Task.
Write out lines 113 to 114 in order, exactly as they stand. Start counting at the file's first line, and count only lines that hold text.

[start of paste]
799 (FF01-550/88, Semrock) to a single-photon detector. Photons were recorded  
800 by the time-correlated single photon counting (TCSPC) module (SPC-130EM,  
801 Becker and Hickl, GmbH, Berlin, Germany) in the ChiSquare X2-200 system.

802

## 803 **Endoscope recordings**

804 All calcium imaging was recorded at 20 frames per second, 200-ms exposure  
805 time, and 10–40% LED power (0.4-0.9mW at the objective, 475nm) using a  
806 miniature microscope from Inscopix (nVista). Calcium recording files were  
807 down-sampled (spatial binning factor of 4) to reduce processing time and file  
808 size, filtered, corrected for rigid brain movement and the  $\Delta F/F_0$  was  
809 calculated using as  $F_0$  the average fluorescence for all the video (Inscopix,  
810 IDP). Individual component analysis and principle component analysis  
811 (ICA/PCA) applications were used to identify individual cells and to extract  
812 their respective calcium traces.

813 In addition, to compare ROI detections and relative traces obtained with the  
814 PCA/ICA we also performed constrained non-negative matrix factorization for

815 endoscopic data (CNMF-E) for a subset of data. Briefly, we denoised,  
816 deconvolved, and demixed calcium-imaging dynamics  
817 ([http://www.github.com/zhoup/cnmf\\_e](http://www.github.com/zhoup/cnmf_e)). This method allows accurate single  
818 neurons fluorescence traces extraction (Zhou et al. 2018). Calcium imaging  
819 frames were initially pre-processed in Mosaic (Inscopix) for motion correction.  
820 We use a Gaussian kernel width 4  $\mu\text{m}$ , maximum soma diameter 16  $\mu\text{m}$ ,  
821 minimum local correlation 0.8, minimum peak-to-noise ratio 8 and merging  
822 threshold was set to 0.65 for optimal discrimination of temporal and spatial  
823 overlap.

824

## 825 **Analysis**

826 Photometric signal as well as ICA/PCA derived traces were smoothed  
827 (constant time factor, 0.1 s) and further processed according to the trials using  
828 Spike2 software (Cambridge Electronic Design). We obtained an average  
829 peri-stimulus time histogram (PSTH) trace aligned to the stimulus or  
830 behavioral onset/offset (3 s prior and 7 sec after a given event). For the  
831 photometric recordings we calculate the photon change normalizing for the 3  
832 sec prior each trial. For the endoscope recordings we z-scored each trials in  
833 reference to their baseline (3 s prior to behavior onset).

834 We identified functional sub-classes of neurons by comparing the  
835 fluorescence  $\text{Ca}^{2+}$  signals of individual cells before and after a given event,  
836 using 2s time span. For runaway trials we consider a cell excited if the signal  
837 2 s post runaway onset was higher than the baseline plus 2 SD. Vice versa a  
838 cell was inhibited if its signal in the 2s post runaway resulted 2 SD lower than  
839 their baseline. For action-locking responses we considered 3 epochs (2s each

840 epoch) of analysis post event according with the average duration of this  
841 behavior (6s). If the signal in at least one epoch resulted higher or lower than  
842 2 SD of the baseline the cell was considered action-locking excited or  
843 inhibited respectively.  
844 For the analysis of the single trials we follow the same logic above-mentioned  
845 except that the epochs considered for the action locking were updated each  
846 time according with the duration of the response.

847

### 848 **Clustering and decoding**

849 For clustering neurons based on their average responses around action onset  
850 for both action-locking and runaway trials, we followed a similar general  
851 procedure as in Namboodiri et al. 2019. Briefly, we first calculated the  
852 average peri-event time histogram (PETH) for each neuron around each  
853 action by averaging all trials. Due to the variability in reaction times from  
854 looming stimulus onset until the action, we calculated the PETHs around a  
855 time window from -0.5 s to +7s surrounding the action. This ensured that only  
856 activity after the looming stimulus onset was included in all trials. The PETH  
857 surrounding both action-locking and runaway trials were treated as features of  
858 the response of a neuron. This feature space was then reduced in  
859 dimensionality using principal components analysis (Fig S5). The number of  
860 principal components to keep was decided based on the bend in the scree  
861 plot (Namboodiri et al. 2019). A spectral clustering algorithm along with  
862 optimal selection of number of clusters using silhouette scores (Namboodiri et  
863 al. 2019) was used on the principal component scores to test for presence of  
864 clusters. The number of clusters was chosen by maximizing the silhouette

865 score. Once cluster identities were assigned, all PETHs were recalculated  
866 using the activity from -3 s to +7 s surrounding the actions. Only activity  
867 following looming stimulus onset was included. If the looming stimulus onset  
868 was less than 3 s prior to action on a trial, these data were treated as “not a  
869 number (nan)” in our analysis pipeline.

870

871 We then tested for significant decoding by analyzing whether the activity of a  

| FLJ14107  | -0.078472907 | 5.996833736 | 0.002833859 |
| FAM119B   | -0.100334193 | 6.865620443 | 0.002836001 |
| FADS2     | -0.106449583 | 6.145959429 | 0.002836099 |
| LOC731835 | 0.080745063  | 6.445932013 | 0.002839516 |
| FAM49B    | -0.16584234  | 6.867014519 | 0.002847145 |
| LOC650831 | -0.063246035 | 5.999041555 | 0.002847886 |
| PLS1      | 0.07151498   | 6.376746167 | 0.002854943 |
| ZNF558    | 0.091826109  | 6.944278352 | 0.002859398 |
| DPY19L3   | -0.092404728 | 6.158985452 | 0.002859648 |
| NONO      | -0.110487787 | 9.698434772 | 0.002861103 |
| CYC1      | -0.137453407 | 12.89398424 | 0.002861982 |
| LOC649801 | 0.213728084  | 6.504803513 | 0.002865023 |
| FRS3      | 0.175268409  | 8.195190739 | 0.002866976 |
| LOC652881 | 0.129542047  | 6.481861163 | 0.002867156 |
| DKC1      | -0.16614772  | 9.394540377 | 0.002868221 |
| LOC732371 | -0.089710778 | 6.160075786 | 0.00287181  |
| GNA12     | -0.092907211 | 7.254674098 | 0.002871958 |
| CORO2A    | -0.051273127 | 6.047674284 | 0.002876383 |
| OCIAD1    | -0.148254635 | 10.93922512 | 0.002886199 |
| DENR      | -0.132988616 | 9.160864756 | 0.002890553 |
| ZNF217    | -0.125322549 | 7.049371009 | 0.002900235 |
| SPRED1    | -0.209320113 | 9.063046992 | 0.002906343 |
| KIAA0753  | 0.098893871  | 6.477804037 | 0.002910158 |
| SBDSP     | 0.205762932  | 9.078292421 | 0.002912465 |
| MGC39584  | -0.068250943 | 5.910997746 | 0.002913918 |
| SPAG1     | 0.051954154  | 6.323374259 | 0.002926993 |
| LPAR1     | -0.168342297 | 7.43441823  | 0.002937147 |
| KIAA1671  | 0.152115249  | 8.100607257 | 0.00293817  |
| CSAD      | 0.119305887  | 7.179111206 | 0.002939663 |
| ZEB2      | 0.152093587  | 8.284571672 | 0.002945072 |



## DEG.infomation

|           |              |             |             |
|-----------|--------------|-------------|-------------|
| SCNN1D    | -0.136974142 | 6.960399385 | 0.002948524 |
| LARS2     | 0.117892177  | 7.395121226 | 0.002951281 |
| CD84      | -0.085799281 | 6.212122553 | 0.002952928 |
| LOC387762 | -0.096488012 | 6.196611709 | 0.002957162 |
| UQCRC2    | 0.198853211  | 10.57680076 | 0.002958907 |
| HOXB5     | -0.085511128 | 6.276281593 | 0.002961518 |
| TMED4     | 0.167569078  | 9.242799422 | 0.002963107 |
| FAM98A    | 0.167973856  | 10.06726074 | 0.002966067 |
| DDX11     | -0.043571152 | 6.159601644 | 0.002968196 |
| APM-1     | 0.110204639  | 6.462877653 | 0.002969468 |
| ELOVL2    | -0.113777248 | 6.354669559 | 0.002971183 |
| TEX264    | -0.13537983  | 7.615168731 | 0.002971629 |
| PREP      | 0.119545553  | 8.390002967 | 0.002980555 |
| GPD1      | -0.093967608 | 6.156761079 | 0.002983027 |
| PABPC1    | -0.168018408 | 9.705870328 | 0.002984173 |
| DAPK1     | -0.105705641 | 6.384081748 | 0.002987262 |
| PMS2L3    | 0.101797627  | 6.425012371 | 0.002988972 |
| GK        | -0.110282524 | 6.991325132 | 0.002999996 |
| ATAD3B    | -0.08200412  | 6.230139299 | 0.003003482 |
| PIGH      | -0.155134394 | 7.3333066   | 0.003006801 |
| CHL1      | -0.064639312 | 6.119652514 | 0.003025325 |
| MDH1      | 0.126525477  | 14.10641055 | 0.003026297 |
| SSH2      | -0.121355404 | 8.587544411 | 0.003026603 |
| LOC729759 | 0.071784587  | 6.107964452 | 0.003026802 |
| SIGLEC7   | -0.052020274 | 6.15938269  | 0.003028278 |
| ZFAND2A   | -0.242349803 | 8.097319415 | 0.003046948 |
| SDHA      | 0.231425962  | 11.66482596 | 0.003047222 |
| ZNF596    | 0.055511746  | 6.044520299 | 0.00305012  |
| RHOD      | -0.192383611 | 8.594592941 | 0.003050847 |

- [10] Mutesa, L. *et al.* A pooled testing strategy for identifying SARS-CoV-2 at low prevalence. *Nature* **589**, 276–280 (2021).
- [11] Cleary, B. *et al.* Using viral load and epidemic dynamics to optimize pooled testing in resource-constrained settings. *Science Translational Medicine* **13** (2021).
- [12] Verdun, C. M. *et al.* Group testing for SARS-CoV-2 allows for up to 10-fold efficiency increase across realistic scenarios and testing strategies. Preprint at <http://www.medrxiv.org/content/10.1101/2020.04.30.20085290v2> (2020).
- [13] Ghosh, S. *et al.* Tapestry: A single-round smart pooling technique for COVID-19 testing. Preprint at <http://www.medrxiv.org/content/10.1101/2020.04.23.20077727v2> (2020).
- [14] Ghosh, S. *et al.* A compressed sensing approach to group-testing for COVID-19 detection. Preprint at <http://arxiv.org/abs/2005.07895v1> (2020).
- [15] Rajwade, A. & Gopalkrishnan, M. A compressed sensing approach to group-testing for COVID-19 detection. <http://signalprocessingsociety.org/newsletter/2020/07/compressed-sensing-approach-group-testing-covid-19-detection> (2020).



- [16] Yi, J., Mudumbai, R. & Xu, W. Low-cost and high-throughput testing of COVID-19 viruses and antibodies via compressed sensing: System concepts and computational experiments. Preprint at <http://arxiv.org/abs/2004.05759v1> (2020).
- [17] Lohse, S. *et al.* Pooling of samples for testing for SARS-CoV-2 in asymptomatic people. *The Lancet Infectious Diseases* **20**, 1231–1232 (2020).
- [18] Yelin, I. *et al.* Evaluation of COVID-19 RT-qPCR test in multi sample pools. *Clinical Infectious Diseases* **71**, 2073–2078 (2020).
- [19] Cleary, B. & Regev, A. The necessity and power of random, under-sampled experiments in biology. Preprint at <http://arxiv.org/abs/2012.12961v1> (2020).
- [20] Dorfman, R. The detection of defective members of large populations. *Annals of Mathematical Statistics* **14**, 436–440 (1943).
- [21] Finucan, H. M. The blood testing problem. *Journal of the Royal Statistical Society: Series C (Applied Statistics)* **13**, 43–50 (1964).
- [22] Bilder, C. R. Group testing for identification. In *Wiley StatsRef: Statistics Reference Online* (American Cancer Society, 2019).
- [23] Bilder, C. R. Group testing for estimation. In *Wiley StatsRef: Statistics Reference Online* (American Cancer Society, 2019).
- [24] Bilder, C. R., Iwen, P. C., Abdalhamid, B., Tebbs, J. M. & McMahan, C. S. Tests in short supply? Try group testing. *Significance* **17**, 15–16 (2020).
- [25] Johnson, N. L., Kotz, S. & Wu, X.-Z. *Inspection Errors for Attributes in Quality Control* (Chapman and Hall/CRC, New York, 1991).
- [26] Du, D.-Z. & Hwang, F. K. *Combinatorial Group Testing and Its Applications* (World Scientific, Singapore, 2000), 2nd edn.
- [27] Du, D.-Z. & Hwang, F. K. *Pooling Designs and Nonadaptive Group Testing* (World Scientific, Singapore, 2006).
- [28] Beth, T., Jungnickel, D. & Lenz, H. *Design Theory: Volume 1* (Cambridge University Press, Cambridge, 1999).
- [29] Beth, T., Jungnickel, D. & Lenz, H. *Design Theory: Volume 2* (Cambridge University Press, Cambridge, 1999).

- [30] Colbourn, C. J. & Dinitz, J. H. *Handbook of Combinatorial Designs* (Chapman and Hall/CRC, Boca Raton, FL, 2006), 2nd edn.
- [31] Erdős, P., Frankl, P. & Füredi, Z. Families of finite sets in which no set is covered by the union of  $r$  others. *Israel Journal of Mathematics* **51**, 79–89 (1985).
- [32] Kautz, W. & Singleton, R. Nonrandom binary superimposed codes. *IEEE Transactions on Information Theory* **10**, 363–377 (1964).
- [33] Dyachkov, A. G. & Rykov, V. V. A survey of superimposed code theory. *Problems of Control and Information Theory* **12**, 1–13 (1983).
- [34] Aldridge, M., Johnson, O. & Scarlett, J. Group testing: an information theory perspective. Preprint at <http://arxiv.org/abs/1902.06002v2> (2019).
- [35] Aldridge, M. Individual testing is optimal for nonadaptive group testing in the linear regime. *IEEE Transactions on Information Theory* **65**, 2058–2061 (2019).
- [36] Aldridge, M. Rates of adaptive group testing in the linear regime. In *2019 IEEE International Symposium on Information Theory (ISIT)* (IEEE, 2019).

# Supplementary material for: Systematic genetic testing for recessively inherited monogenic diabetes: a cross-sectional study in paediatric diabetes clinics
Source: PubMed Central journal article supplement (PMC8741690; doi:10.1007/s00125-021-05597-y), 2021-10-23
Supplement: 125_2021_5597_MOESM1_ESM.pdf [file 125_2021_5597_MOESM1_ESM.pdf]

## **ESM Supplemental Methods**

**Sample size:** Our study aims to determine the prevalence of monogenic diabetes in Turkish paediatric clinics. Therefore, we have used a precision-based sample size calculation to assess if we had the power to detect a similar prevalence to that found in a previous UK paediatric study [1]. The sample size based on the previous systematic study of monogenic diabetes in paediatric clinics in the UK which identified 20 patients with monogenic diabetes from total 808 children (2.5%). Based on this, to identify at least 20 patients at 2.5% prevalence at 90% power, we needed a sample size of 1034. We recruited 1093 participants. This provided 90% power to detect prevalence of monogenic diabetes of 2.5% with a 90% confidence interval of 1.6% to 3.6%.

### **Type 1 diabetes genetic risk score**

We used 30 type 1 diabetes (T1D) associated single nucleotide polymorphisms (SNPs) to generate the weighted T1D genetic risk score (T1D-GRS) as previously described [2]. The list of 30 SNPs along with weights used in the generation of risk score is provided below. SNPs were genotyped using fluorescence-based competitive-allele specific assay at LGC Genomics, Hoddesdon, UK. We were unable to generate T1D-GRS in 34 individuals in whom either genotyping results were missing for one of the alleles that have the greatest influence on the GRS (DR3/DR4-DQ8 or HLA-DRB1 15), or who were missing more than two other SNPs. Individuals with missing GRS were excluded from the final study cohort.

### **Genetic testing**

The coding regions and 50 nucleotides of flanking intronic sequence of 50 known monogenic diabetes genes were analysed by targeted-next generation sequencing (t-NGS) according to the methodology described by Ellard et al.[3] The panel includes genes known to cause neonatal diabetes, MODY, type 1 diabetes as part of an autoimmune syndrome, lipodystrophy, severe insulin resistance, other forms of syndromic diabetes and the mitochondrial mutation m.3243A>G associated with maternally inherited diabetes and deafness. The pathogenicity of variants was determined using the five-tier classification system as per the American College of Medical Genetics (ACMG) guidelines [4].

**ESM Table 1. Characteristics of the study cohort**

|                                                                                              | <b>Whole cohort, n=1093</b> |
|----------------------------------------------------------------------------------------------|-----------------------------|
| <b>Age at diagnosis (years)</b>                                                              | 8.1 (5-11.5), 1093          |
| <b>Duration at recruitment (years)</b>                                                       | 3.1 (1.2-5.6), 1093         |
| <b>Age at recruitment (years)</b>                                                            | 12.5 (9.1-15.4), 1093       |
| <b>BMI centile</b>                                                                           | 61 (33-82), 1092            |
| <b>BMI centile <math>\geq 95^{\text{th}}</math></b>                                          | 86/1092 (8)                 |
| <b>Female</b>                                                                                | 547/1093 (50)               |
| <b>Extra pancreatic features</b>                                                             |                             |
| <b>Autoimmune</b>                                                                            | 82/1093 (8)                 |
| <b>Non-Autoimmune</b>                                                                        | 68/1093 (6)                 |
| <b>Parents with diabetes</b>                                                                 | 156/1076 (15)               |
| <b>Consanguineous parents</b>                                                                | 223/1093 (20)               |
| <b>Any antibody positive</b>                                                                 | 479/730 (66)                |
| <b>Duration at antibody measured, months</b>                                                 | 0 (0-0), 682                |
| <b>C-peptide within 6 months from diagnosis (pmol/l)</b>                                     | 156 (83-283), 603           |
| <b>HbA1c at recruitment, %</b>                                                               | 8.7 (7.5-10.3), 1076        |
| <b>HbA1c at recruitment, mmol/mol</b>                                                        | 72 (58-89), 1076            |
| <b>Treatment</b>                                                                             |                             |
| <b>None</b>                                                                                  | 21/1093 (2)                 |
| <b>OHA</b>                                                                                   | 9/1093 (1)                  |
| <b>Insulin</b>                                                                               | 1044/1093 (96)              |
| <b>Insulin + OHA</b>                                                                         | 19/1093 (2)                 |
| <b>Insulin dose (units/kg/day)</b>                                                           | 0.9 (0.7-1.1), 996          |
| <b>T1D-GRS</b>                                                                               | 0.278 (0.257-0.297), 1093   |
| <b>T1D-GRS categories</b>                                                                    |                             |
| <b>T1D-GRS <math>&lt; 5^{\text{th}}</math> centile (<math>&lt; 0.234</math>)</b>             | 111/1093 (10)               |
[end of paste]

| TMED4     | 0.167569078  | 9.242799422 | 0.002963107 |
| FAM98A    | 0.167973856  | 10.06726074 | 0.002966067 |